Saturday, September 22, 2012

Can genomics save endangered species?

Nowadays genomics is pervading many research fields in biology, and conservation biology is not an exception anymore. The Giant panda was perhaps the first organism selected for sequencing in which the primary reason was its status as an endangered species. Since then, other species have been selected for sequencing, in an effort to contribute to their conservation. To name a few: the Californian condor, the Tiger, Tasmanian devil and the Iberian lynx, are also entering the genomic era. Our group is contributing to the efforts of sequencing and analyzing the Iberian Lynx genome, an emblematic predator of our peninsula which has the dubious honor to be the most endangered feline species on the planet. With a population below 400, a fragmented and restricted distribution area and a dangerously low level of genetic diversity, its situation is rather critical. Two years ago a consortium of Spanish research groups joined forces to sequence this species' genome. 

"Candiles" the sequenced Iberian Lynx male 

I have been asked many times if this effort will definitely save the species, or even whether the money would not be better invested in other efforts. How can a genome help in saving an endangered species?, are we feeding unreasonable expectations on the possible role of genomics in species conservation? Although only time will tell whether such efforts will pay off, I consider that genomics can certainly provide a new, very useful angle to species conservation. In any case, genomics should be considered just as another tool towards species conservation, rather than as the definitive solution. Species are endangered because of various causes, mostly territory loss and degradation, overexploitation, and alteration of their ecological networks. It is obvious that the main focus should be given to fight the causes that triggered population drops and create the necessary conditions for the populations to recover safely. As a powerful tool to understand a species' biology, and as a way to investigate past and current population dynamics, the availability of a genome can greatly help in understanding some of the factors that may have been decisive in population decline. Having a reference genome opens the door for a closer genetic monitoring of wild populations, not only because it enables the selection of new marker genes than can be sampled in many individuals but also because it paves the way for obtaining whole genome-level population data by re-sequencing strategies. Indeed, our project includes already re-sequencing of additional individuals from the main fragmented territories occupied by the species.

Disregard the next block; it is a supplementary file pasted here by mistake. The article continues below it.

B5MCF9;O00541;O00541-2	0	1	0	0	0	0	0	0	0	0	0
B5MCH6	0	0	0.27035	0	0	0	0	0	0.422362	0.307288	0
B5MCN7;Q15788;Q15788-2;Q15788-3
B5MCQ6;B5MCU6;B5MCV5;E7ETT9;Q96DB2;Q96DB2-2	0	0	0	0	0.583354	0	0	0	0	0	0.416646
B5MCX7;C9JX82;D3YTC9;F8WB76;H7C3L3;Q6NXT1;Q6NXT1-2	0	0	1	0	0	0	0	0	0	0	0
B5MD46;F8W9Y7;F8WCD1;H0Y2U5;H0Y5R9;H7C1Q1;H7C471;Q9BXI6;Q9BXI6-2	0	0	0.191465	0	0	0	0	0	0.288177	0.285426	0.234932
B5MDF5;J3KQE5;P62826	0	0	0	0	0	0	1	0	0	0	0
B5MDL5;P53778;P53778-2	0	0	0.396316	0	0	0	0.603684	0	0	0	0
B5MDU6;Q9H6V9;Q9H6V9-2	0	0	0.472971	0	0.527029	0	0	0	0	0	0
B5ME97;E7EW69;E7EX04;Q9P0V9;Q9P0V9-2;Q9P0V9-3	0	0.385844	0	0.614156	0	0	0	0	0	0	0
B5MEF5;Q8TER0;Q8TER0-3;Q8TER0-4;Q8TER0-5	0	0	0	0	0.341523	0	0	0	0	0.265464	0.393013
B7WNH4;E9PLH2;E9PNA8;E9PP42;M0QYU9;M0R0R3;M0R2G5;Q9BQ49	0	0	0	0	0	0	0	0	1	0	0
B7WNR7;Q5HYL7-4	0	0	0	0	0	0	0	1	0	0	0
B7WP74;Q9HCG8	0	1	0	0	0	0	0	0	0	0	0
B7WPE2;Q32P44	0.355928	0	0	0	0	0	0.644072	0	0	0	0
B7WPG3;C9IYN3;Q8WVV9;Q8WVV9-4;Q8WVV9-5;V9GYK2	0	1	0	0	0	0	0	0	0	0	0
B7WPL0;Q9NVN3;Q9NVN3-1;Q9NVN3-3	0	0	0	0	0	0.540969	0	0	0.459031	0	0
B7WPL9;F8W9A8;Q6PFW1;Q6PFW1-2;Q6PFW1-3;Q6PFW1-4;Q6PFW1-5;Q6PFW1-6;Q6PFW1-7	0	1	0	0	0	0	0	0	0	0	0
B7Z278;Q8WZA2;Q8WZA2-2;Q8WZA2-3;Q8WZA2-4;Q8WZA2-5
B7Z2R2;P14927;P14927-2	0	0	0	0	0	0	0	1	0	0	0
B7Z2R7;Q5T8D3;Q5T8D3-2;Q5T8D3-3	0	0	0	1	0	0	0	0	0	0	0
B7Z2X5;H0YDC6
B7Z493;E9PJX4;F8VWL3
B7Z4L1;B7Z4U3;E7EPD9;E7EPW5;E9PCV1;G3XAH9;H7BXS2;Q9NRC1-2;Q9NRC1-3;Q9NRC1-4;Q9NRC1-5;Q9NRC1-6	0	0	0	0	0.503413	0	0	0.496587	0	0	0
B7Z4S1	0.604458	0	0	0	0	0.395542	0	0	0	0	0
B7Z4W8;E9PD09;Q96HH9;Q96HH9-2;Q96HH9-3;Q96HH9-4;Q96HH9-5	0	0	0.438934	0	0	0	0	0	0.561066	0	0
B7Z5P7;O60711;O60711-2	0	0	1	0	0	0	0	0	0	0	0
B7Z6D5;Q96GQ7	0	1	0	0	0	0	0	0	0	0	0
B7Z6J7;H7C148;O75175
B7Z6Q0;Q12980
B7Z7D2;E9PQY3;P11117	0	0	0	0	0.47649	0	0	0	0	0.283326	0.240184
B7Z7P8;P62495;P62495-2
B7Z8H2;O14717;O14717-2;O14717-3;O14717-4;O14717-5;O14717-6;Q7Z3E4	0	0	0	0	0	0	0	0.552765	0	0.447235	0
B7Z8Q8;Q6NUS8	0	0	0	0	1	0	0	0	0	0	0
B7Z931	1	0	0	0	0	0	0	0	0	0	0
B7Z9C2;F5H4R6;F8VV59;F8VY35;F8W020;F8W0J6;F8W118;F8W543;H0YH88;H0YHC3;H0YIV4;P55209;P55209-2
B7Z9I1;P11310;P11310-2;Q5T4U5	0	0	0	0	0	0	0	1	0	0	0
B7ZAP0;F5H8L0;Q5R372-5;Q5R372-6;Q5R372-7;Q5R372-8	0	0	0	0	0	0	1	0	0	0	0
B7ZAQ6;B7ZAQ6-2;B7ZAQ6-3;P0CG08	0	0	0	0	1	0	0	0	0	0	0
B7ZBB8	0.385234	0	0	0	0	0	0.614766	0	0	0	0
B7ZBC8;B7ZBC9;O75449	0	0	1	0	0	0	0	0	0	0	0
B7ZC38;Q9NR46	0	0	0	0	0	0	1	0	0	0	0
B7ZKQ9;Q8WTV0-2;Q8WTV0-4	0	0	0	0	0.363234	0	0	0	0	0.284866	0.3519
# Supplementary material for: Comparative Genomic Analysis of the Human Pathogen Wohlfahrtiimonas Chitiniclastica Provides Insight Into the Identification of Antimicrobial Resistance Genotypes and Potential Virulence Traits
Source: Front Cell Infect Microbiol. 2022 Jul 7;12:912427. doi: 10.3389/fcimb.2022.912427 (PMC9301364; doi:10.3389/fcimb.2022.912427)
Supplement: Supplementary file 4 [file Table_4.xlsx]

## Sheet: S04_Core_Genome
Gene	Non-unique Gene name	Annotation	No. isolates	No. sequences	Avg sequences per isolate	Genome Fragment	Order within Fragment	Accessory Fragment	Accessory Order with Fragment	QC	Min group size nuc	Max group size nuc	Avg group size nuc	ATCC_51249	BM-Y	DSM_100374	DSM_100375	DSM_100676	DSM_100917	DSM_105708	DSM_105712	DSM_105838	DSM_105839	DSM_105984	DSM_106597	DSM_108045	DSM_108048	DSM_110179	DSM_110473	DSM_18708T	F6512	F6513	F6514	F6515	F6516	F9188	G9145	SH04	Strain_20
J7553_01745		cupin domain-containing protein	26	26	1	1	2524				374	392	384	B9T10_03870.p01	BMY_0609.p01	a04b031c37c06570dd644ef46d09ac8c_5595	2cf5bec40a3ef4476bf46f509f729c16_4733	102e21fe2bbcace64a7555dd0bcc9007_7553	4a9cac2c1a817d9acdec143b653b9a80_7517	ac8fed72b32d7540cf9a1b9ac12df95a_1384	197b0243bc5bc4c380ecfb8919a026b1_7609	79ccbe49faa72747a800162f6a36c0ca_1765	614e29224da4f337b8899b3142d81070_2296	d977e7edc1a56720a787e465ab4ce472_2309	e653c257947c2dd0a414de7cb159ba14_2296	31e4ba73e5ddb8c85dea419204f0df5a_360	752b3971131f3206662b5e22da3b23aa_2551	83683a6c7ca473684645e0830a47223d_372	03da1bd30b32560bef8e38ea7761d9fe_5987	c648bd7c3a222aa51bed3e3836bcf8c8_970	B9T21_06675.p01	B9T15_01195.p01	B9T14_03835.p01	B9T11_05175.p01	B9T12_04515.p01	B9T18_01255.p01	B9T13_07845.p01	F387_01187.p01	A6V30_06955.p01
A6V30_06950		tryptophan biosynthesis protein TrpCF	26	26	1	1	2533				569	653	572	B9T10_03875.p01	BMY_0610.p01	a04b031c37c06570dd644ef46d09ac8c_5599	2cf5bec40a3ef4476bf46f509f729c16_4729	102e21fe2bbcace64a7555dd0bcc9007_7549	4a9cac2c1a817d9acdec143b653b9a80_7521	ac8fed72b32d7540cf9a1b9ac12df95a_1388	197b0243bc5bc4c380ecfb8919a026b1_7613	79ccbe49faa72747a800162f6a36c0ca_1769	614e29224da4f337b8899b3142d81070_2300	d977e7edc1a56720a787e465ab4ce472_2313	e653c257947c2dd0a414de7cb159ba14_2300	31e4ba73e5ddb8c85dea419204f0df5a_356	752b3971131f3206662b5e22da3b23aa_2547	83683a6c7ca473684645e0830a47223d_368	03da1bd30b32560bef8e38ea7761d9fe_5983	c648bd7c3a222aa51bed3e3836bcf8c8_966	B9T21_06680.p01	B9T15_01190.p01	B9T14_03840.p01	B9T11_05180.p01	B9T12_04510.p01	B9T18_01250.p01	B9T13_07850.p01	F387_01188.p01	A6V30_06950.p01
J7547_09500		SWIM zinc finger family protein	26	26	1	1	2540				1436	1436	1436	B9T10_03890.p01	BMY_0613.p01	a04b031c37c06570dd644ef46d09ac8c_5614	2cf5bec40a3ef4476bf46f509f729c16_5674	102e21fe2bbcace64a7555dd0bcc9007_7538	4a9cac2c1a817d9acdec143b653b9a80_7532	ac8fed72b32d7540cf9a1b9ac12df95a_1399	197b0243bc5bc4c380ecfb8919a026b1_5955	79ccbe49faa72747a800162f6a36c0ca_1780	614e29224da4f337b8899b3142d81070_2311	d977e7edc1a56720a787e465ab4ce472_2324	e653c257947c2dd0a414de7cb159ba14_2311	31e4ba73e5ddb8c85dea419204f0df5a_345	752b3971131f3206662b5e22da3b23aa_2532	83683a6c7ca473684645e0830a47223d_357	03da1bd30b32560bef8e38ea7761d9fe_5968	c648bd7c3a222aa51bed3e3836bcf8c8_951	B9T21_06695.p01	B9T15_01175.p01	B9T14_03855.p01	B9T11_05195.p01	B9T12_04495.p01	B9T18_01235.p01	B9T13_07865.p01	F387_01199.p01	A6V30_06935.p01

Having such kind of data is key to understand gene flow among the different populations, since it will provide a better picture of the genetic pools of the different populations. This will help to better plan crosses among captive individuals -mainly those with permanent injuries that cannot be successfully released to the wild- and future releases of their progeny. This will have a direct impact in the case of the Iberian lynx, where high levels of inbreeding and low genetic diversity exposes fragmented populations to a higher rate of diseases with a genetic basis (particularly a renal disease), and a reduced potential to overcome potential infectious diseases. A better knowledge of the genetic pool of both wild and captive populations will undoubtedly help in guiding strategies to help them recover. In addition individuals and their territories could be tracked from materials such as faeces or hairs.  Other applications may be more specific for a particular endangered species, for instance in the tasmanian devil, genomics has been used to track a transmissible cancer that causes a facial tumor disease that is transmitted by biting. 

Tasmanian devil with transmissible facial tumor

Other applications of conservation genomics that go beyond the sequencing of the endangered species itself, refer to the monitoring, using similar genomics tools, of important pathogens or symbionts of endangered species. Of course all these efforts will only be of little help if the causes that drove their decline are still around. Thus there is a growing number of promising possible applications of genomics to the conservation of endangered species, some of them already at work. I expect this field to grow fast in the coming years, as a concerned scientist I am proud that my particular corner of expertise can contribute to the noble cause of helping to keep the biodiversity of our planet.

No comments:

Post a Comment